Thursday, May 17, 2018

May 16, 2018: A Very Bad Day for Trump


Recently I heard political pundits talking about the exhaustion many Americans are experiencing as they try to keep up with the breaking news stories swirling around the Trump/Pence regime and the Russiagate investigation, not to mention the short term news distractions that seemingly are manufactured almost daily by Der Trumpenf├╝hrer.  Wednesday was a day that saw numerous stories break, none of which portend well for Trump and/or his co-conspirators and sycophants.  The day began with the news that the U.S. Senate Intelligence Committee released a report finding that Russia had indeed sought to interfere in the 2016 presidential election.  The story was so damning that even Fox News was forced to report on it no doubt to the shock of Fox viewers who have been constantly told that claims of Russian interference were all false.  Here's a taste:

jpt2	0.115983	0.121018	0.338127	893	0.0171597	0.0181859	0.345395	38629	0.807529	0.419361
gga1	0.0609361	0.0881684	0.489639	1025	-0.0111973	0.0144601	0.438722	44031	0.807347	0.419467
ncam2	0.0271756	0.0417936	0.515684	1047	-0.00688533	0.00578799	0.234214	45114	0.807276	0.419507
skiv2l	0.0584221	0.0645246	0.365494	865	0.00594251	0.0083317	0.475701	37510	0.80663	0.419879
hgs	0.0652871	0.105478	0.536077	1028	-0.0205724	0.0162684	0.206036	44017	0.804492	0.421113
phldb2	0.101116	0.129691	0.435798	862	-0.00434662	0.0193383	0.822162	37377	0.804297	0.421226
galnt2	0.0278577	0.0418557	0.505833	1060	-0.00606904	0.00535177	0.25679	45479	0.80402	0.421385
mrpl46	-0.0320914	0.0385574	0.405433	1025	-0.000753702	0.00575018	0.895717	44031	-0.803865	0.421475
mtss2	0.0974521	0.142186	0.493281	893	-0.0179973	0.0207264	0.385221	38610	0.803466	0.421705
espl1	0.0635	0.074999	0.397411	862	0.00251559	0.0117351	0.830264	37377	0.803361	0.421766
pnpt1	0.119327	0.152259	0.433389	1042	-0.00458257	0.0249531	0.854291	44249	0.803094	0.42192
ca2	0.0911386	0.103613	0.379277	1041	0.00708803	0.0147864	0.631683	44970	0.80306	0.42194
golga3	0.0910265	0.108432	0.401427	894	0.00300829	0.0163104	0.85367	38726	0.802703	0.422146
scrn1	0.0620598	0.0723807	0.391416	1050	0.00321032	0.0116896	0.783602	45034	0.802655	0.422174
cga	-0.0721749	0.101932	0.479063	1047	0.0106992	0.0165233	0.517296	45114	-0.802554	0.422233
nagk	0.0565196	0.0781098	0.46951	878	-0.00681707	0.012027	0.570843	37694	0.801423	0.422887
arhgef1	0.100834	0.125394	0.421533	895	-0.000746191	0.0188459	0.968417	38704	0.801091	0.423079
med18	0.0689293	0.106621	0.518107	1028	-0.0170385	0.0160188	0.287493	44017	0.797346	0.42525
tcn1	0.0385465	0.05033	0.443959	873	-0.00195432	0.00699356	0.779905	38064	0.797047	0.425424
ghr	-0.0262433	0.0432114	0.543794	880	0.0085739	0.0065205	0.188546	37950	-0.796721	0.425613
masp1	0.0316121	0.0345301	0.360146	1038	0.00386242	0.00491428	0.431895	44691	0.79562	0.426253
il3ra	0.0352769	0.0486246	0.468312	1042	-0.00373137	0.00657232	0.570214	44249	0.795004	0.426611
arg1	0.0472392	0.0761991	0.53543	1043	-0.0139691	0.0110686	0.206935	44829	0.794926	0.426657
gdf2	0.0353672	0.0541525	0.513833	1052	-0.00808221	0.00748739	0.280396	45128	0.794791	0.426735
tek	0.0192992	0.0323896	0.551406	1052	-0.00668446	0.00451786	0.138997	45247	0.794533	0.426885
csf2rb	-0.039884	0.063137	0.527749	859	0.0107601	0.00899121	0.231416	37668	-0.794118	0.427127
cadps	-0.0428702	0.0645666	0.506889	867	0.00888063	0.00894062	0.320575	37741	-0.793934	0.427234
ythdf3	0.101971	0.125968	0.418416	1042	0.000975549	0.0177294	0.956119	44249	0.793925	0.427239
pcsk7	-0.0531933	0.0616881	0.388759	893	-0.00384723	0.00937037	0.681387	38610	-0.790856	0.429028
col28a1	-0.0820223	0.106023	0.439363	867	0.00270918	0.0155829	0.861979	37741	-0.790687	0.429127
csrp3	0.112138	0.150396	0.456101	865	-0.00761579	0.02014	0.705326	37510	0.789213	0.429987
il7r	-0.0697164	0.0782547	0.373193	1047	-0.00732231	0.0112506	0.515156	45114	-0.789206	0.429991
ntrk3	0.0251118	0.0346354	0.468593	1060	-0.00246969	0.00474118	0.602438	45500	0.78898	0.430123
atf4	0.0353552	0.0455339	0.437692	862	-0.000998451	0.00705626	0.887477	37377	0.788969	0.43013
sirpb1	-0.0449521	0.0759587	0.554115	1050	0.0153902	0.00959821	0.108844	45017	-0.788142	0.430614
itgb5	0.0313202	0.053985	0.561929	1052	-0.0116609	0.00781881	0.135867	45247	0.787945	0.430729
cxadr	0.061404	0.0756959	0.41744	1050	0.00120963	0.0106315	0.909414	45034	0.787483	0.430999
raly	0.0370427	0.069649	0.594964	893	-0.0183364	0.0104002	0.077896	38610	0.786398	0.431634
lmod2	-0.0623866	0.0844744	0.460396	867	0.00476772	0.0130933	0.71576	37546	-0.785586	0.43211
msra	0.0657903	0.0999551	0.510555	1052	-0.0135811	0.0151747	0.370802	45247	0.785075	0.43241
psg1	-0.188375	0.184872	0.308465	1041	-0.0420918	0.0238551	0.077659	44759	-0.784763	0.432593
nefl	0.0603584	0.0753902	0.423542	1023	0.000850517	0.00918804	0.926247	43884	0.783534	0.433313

“Committee staff have spent 14 months reviewing the sources, tradecraft, and analytic work, and we see no reason to dispute the conclusions,” {Senator Richard} Burr said in a statement. “There is no doubt that Russia undertook an unprecedented effort to interfere with our 2016 elections.  . . . [Senator Mark] Warner said, “After a thorough review, our staff concluded that the ICA conclusions were accurate and on point. The Russian effort was extensive, sophisticated, and ordered by President Putin himself for the purpose of helping Donald Trump and hurting Hillary Clinton.”
Next came the release of transcripts by the Senate Judiciary Committee of the testimony of the participants in the infamous Trump Tower meeting, including Trump, Jr., who made utterly ridiculous statements strongly suggesting he was lying.  A column in the Washington Post looks at this debacle for Trump.  Here are excerpts: